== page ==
Leaving the facility presents its own form of challenges, especially if the building has many floors. But, no matter the number of stories, fms who opt for photoluminescent pathway marking systems are experiencing improved emergency egress. The technology is particularly useful when there is no power in a facility to help light exit pathways.
Fms must also think about trying to save the facility. The National Fire Protection Association (NFPA) reported in its September/October 2008 NFPA Journal that non-residential structure fires accounted for over $3 billion in damages during 2007. The study also reported 1,350 injuries in these fires in that time.
New innovations in sprinkler technology allow fms to select certain sprinkler geometry to assist with certain hazards. There have also been developments in alarm systems to help fire department response times.
Despite all the advancements, fms still need to put together a well implemented fire management plan. They also need to test the plan regularly so all occupants understand what they need to do in case a blaze occurs.
What’s Keeping You Safe?
Increasingly, security has become a day to day part of the lives of fms. While they used to be able to focus on HVAC and roofs, fms need to know much more about the threats inside and outside their facilities.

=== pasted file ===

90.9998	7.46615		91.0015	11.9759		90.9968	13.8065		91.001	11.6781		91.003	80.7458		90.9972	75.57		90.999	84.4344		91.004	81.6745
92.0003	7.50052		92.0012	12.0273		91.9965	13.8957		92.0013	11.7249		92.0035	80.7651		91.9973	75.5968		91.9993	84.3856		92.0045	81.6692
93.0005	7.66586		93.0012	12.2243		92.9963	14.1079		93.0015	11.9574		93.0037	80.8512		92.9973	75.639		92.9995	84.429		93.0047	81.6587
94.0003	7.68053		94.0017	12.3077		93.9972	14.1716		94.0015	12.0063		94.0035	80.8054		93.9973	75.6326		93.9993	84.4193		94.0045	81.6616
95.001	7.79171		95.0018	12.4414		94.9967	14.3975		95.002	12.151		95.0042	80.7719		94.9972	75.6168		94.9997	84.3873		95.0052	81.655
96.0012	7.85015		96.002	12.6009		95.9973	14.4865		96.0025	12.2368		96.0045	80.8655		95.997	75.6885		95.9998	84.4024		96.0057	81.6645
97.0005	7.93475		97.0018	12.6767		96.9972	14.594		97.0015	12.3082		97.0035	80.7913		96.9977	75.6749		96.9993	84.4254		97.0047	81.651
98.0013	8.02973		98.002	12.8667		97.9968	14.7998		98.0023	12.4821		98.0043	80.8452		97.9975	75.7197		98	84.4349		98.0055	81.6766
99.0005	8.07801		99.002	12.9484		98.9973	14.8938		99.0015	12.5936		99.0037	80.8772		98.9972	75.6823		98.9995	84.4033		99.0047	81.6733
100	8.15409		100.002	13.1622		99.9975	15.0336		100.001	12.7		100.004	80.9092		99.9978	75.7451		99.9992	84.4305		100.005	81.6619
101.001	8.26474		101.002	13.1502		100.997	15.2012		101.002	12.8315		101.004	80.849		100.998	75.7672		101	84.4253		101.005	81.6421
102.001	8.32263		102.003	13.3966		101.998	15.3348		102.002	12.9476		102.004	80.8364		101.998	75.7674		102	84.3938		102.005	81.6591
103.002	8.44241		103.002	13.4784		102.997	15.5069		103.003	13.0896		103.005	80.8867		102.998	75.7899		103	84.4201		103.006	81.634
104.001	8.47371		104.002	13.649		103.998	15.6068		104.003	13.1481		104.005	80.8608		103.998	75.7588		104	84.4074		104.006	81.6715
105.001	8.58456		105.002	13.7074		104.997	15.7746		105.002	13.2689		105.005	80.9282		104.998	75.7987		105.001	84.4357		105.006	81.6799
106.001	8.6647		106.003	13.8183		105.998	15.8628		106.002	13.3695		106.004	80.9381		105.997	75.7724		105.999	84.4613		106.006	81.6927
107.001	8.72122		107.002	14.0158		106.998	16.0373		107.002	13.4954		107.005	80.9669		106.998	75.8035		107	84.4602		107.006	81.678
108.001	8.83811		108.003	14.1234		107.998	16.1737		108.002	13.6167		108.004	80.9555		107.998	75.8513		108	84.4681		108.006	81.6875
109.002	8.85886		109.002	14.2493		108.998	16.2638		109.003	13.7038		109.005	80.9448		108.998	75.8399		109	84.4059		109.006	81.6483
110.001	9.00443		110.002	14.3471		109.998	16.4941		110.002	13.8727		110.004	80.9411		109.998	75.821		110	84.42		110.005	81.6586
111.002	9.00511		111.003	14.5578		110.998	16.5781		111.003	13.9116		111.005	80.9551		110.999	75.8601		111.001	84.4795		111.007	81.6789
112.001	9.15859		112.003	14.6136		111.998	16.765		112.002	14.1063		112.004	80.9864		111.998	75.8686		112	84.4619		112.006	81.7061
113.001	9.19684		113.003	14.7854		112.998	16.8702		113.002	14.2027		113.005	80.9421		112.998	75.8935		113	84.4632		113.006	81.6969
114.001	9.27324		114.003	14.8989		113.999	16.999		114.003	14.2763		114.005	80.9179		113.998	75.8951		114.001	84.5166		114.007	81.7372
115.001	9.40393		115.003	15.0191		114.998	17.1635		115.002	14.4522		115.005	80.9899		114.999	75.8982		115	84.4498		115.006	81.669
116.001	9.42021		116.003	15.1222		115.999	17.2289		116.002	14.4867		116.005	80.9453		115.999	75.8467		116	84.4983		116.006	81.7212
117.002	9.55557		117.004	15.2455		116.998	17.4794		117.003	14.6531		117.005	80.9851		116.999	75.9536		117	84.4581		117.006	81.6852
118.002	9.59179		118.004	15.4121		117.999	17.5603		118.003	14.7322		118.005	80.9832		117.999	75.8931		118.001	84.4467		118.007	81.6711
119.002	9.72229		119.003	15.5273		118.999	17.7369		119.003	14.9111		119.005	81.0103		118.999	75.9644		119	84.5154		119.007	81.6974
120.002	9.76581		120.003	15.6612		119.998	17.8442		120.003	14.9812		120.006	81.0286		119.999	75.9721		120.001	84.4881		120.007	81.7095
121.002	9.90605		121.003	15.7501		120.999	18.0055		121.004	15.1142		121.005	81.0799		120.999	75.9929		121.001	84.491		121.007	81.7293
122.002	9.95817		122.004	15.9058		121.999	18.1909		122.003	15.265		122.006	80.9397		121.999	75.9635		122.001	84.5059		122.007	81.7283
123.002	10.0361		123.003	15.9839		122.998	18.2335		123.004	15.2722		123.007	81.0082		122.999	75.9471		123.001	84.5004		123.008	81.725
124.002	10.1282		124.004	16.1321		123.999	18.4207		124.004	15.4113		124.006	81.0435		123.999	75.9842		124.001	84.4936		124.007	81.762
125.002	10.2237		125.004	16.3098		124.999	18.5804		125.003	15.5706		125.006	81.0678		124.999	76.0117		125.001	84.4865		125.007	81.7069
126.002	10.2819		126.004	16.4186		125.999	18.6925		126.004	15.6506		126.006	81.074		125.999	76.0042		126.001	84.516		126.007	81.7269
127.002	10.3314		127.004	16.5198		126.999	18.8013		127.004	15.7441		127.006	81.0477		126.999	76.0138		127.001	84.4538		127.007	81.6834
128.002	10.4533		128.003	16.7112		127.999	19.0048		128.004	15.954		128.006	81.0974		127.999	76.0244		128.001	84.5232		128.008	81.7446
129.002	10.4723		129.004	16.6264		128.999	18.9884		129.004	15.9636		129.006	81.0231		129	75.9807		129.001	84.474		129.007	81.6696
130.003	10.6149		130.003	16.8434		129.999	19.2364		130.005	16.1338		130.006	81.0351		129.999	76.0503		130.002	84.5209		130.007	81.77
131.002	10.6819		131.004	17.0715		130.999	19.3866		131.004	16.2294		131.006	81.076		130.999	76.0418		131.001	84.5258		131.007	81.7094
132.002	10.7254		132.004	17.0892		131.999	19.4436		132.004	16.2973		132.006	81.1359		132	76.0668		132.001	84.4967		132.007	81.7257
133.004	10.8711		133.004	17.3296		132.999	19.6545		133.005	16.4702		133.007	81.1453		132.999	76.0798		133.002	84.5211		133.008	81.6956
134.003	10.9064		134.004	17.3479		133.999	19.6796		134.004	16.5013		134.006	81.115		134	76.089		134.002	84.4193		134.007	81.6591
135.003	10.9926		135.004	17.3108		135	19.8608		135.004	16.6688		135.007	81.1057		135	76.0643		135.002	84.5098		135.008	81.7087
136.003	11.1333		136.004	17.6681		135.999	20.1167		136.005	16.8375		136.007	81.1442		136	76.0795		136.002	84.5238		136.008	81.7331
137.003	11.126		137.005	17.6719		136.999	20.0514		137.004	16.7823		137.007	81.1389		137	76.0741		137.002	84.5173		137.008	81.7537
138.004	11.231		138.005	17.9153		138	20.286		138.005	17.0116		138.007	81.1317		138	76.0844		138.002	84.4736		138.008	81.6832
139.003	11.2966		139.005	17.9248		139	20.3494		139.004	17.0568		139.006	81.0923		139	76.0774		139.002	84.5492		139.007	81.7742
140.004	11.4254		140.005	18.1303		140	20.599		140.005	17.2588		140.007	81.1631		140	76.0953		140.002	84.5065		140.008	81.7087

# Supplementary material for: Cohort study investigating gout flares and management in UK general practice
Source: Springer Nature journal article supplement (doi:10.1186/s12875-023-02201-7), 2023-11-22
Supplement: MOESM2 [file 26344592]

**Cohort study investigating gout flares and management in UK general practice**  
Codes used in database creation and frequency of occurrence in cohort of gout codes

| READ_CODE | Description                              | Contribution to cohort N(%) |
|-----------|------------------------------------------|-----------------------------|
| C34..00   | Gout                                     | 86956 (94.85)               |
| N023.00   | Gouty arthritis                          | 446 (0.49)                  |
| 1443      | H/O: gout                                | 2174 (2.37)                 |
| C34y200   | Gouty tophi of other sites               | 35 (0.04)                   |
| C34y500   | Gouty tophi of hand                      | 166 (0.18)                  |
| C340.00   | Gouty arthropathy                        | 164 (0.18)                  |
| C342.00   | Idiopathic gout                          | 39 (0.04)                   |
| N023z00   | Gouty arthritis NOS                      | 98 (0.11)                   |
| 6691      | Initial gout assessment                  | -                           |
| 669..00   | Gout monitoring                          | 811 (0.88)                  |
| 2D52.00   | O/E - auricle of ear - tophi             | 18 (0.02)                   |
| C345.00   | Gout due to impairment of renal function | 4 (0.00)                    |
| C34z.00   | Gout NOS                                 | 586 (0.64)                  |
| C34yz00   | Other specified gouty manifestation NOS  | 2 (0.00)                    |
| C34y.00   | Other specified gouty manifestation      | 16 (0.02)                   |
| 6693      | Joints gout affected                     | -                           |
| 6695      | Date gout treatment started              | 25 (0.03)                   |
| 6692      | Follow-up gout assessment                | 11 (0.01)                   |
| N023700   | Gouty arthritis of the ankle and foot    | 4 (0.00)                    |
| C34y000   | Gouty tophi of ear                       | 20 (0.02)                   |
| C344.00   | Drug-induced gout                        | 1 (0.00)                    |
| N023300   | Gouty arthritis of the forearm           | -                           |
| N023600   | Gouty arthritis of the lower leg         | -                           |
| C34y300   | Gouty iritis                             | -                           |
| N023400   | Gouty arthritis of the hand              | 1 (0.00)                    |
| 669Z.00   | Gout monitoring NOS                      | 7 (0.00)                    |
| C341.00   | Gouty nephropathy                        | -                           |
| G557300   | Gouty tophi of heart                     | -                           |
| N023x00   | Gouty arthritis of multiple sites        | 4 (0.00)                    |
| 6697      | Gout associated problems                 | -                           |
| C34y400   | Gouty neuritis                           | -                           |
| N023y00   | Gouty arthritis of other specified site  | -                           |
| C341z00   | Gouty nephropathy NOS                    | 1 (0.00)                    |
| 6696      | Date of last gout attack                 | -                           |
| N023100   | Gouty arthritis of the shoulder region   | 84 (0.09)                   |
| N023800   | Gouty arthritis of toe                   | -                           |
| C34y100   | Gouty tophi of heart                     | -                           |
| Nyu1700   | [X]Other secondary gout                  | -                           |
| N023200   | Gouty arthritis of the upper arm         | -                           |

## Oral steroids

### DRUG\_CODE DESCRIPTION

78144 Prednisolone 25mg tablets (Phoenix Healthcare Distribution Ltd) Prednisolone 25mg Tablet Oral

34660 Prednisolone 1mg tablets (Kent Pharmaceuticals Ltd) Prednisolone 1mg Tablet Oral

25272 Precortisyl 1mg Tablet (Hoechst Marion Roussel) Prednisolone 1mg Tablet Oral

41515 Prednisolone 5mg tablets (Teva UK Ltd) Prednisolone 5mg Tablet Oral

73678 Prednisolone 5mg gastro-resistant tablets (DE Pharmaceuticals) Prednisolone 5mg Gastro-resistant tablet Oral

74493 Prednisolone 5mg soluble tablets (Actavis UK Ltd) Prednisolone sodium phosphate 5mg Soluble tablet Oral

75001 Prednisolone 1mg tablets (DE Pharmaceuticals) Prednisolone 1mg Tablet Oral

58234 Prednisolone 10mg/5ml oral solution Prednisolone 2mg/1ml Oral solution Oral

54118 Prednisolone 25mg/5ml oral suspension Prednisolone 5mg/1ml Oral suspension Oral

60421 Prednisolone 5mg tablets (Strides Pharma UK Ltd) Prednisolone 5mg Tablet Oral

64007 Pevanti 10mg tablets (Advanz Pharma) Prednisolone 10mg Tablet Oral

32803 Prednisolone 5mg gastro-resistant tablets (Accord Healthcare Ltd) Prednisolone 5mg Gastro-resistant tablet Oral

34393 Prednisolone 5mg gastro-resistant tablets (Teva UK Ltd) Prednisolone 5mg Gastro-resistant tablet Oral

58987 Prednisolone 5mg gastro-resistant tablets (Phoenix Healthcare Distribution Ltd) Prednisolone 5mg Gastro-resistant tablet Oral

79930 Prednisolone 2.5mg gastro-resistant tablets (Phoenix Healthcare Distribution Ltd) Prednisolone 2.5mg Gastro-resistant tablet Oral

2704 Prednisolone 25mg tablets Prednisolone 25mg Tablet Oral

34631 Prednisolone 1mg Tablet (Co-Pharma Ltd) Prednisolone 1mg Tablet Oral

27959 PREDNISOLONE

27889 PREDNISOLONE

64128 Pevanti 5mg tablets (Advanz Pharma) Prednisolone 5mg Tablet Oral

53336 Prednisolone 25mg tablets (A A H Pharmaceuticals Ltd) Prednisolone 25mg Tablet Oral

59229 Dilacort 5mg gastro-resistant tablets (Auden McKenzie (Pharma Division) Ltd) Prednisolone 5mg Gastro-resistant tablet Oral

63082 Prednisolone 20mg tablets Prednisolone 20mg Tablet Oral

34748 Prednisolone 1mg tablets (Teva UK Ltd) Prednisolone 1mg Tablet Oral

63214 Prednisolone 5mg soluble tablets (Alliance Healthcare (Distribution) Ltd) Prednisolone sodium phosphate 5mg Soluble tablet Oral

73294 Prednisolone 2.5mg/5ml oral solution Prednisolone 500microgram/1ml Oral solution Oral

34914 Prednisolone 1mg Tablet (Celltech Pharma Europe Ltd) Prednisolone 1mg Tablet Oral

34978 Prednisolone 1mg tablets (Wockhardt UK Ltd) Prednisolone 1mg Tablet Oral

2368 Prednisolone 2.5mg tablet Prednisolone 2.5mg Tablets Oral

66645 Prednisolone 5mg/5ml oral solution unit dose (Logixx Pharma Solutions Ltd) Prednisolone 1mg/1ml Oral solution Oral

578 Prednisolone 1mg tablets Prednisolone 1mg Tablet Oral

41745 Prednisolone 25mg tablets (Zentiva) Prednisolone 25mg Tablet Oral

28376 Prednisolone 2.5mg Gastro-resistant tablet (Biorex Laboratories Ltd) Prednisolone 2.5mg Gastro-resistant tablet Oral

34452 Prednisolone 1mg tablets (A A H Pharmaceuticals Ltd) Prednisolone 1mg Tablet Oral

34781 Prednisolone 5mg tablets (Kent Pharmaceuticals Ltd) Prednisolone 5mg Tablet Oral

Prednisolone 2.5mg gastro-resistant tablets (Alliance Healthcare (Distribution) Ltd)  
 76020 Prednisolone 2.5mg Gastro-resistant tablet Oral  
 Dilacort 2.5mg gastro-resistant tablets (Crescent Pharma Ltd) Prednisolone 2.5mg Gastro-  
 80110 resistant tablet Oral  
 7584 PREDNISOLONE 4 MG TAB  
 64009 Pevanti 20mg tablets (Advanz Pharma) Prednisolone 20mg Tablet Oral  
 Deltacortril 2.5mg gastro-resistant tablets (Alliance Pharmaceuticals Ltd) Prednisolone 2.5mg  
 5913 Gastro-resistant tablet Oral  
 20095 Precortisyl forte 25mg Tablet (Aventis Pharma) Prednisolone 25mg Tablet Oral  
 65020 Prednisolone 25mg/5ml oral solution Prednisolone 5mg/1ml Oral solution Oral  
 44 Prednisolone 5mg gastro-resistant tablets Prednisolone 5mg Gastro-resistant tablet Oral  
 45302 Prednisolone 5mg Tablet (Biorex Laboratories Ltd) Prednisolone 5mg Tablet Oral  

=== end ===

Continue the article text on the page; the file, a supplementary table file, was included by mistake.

Threats can be both internal and external, especially as issues arise with workplace violence and high dollar property theft by disgruntled employees. Therefore, fms must take into account a number of different assessments when setting up security, including vulnerability locations, visitor management, perimeter protection, and building protection.
This is where advancements in technology have made a huge impact for fms. No longer does a single photo ID grant access to employees and visitors. The new alternative is the proliferation of contact and contactless cards. The latter incorporates RFID (radio frequency identification). Contact cards have a surface chip that must be placed inside a reader. These chips can hold a great deal of information (and can be encrypted), but the technology in both cards can be embedded into one form of identification to help track activity of a particular card holder as well as hold personal data.
Other innovations have come in the CCTV field, where cameras can turn analog signals into digital data via a digital video recorder. IP-based systems allow fms to add or move cameras to high priority locations. Newer megapixel cameras help pull out the smallest bit of information.
Even security guards have received an upgrade. They often now walk around with PDAs tied into a facility’s communications system, allowing the guards to report on any potential dangers and/or facility problems, such as leaks, while on duty.
Shredding The Rest
Although not as expensive as a digital video system or placing iris readers at every access point, shredders have become an integral part in helping fms keep their facilities secure. Recent legislation regarding personal information has prompted fms, especially those working in the medical and health fields, to ensure a shredder is present.
Shredders vary in quality, safety features, shred size, bin capacity, and noise levels. Yet, they provide a more cost-effective alternative than having a vendor dispose of confidential data.